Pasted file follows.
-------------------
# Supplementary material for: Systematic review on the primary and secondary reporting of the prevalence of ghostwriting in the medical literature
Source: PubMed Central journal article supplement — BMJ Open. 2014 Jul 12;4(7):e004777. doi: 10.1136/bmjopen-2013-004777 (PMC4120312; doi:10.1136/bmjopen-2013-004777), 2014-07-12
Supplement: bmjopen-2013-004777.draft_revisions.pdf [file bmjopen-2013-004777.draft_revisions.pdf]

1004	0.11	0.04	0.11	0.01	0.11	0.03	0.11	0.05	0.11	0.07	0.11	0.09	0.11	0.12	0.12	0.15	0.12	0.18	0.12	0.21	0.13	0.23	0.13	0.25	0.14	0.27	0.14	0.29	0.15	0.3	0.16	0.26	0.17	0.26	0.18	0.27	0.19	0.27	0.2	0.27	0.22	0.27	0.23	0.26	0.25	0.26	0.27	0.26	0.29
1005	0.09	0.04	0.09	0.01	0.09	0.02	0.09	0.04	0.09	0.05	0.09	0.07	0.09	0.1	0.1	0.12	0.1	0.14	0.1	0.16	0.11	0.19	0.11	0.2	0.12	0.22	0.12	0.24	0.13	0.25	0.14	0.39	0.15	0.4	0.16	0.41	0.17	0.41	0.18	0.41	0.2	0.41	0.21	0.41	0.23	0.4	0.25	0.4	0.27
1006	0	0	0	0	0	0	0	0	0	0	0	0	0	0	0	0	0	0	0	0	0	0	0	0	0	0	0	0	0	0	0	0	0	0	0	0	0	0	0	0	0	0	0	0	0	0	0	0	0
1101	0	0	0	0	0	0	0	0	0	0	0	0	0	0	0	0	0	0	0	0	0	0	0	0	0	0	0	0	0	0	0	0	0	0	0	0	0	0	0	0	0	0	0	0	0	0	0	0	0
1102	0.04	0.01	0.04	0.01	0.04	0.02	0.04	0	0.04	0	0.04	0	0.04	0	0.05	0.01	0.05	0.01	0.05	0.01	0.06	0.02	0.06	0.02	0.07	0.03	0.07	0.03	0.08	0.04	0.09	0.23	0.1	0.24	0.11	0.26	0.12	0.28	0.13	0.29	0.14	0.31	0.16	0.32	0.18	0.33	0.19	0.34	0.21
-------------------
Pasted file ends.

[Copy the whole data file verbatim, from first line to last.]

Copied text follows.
# Supplementary material for: Systematic review on the primary and secondary reporting of the prevalence of ghostwriting in the medical literature
Source: PubMed Central journal article supplement — BMJ Open. 2014 Jul 12;4(7):e004777. doi: 10.1136/bmjopen-2013-004777 (PMC4120312; doi:10.1136/bmjopen-2013-004777), 2014-07-12
Supplement: bmjopen-2013-004777.draft_revisions.pdf [file bmjopen-2013-004777.draft_revisions.pdf]

1004	0.11	0.04	0.11	0.01	0.11	0.03	0.11	0.05	0.11	0.07	0.11	0.09	0.11	0.12	0.12	0.15	0.12	0.18	0.12	0.21	0.13	0.23	0.13	0.25	0.14	0.27	0.14	0.29	0.15	0.3	0.16	0.26	0.17	0.26	0.18	0.27	0.19	0.27	0.2	0.27	0.22	0.27	0.23	0.26	0.25	0.26	0.27	0.26	0.29
1005	0.09	0.04	0.09	0.01	0.09	0.02	0.09	0.04	0.09	0.05	0.09	0.07	0.09	0.1	0.1	0.12	0.1	0.14	0.1	0.16	0.11	0.19	0.11	0.2	0.12	0.22	0.12	0.24	0.13	0.25	0.14	0.39	0.15	0.4	0.16	0.41	0.17	0.41	0.18	0.41	0.2	0.41	0.21	0.41	0.23	0.4	0.25	0.4	0.27
1006	0	0	0	0	0	0	0	0	0	0	0	0	0	0	0	0	0	0	0	0	0	0	0	0	0	0	0	0	0	0	0	0	0	0	0	0	0	0	0	0	0	0	0	0	0	0	0	0	0
1101	0	0	0	0	0	0	0	0	0	0	0	0	0	0	0	0	0	0	0	0	0	0	0	0	0	0	0	0	0	0	0	0	0	0	0	0	0	0	0	0	0	0	0	0	0	0	0	0	0
1102	0.04	0.01	0.04	0.01	0.04	0.02	0.04	0	0.04	0	0.04	0	0.04	0	0.05	0.01	0.05	0.01	0.05	0.01	0.06	0.02	0.06	0.02	0.07	0.03	0.07	0.03	0.08	0.04	0.09	0.23	0.1	0.24	0.11	0.26	0.12	0.28	0.13	0.29	0.14	0.31	0.16	0.32	0.18	0.33	0.19	0.34	0.21